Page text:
Next steps for lecanemab: Eisai reveals pricing, US and global rollout plans

By Rachel Arthur contact

- Last updated on GMT

Pic:getty/simoncarter
Pic:getty/simoncarter

Related tags: Eisai, Biogen, Alzheimer's disease, lecanemab

With Eisai and Biogen’s Alzheimer’s drug Leqembi (lecanemab) approved by the US Food and Drug Administration (FDA) last week, Eisai has revealed more details on its rollout plans for the drug.

In the US, Eisai has made two key decisions that differ from Biogen’s troubled launch of Aduhelm: it has put the price of Leqembi at less than half the initial price of Aduhelm (with hopes to lower the price in the future); and has submitted a Supplemental Biologics License Application for traditional approval of Leqembi (in addition to the accelerated approval received on Friday) to aid with CMS coverage decisions in the US.

Supplemental Biologics License Application

On the same day it received FDA accelerated approval for Leqembi from the FDA (Friday 6 January), Eisai submitted an application for the traditional approval pathway (sBLA).

The accelerated approval of Leqembi was based on Phase 2 data that demonstrated the drug reduced the accumulation of Aβ plaque in the brain, a defining feature of AD. Continued approval for this indication is contingent upon verification of Leqembi’s clinical benefit in a confirmatory trial.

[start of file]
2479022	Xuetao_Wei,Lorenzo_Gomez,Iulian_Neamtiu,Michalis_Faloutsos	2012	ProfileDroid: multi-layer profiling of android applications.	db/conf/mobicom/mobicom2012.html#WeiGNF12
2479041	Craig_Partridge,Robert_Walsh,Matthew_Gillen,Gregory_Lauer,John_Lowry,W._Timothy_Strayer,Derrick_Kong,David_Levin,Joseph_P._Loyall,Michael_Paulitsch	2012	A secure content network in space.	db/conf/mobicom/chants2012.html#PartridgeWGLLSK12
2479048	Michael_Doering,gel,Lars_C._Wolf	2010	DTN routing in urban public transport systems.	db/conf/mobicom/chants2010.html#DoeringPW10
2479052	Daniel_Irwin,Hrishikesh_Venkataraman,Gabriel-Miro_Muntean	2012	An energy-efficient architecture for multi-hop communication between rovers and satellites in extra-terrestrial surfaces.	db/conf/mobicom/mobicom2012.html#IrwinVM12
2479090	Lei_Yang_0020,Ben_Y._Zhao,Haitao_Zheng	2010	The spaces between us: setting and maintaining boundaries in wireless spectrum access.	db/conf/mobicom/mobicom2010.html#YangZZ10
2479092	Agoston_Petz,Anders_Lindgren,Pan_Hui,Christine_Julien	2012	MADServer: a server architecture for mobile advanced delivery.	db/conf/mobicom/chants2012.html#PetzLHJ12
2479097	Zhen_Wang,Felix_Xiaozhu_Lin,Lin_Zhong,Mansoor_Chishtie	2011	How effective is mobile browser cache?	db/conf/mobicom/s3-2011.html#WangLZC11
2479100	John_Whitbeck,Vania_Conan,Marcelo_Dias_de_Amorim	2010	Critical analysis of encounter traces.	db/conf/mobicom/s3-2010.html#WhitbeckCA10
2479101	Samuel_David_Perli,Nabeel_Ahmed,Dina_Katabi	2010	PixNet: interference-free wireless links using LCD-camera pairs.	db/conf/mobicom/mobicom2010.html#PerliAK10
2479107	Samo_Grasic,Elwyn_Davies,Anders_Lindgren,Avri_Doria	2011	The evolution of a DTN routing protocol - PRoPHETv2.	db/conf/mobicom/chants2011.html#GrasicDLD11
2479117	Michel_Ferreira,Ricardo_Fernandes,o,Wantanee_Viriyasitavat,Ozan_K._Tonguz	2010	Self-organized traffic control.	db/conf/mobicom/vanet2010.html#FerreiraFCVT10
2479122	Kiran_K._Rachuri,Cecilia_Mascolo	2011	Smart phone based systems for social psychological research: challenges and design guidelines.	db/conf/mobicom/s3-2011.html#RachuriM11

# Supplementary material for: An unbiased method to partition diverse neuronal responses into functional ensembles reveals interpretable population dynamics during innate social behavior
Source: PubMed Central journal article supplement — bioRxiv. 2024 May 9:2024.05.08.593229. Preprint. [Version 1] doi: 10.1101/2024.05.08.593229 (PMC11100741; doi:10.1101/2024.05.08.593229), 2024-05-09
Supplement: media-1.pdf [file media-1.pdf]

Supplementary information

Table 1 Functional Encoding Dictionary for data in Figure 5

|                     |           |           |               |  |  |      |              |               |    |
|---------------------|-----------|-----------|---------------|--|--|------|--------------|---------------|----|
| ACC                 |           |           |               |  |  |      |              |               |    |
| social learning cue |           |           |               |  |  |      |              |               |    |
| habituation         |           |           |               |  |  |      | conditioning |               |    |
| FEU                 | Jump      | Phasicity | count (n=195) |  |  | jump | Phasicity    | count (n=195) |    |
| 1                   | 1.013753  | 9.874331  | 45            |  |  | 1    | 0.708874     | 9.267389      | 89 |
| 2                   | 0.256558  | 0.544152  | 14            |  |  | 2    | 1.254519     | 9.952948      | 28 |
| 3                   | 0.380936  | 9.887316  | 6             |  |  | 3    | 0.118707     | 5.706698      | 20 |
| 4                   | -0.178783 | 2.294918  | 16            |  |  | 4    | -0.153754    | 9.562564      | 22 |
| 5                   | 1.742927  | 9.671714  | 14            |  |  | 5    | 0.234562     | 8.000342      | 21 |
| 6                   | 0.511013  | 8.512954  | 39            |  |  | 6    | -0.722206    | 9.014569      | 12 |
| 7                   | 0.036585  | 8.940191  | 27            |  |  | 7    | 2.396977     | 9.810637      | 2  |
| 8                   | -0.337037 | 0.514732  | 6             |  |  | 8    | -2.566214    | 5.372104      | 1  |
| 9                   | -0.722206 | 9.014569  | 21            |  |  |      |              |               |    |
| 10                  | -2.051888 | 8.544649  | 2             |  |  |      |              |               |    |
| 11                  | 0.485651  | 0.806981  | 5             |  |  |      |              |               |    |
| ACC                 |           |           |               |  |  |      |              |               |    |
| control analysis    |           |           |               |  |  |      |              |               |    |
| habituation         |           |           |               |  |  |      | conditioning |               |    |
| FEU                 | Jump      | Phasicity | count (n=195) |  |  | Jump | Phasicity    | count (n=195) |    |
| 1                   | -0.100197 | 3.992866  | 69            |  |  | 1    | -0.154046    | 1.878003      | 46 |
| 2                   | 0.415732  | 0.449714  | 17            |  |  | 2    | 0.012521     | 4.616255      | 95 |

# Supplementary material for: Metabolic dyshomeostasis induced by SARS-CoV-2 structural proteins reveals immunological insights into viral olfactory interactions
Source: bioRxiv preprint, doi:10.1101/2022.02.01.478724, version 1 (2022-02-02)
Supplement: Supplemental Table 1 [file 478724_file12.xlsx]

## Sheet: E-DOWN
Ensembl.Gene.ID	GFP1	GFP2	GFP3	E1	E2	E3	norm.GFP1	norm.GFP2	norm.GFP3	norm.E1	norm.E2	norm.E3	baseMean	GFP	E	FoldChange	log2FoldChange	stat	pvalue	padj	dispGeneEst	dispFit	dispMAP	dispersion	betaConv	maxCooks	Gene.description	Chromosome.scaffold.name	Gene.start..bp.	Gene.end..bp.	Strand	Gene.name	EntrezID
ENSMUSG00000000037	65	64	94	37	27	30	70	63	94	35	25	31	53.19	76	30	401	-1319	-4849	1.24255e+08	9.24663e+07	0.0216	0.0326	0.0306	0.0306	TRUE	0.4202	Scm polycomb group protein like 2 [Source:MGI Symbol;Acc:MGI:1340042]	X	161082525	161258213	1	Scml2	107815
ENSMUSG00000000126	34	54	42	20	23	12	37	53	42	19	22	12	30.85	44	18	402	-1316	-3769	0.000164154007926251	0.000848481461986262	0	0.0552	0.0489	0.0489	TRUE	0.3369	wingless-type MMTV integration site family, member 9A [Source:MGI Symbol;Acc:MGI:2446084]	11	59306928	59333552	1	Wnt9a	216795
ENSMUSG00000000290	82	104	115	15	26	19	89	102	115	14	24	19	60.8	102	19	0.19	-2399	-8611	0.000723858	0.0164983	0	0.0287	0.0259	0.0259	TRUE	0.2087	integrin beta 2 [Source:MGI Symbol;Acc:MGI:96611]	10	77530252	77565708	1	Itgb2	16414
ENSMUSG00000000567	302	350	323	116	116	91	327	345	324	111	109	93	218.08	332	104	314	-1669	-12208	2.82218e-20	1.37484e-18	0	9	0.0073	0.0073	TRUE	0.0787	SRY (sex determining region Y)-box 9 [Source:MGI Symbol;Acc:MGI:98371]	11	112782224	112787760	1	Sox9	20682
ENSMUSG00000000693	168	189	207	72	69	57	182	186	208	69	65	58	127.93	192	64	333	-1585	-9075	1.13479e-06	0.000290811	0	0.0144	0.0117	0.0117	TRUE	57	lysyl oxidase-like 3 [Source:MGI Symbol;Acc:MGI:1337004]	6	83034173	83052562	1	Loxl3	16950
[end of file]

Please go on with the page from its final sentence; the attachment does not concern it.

The sBLA for Leqembi, in contrast, is based on the data from the Phase 3 confirmatory Clarity AD clinical trial. Data presented in November showed Leqembi met the primary endpoint and all key secondary endpoints with ‘highly statistically significant results’. Meanwhile, the profile of Amyloid-Related Imaging Abnormalities (ARIA) incidence - an area of concern with anti-amyloid drugs - was ‘within expectations’.

Eisai serves as the lead of Leqembi development and regulatory submissions globally with both Eisai and Biogen co-commercializing and co-promoting the product and Eisai having final decision-making authority. 

In April last year, the US Centers for Medicare & Medicaid Services (CMS) stated it would not cover anti-amyloid monoclonal antibodies for which the FDA had not determined clinical benefit - in this case those under accelerated approval - which such drugs only covered under NIH trials. Without CMS coverage, this decision has affected the fortunes of Biogen's (accelerated approval) Aduhelm​.

Reacting to Friday's approval of lecanemab via the accelerated approval pathway, a statement from the CMS confirmed the drug will - for the moment - be treated in the same way as Aduhelm's accelerated approval.

"As announced in April 2022, CMS laid out how FDA-approved monoclonal antibodies directed against amyloid for the treatment of Alzheimer’s disease could be covered by Medicare. Because Eisai’s product, lecanemab, was granted accelerated approval by the FDA, it falls under CMS’s existing national coverage determination," ​said the CMS.

However, it continued: "CMS is examining available information and may reconsider its current coverage based on this review.

"If lecanemab subsequently receives traditional FDA approval, CMS would provide broader coverage using the framework we announced last year,​ under coverage with evidence development, on the same day. For FDA traditional approval the drug demonstrates evidence of efficacy from a direct measure of clinical benefit.

"The same would apply to any monoclonal antibody directed against amyloid for the treatment of Alzheimer's disease."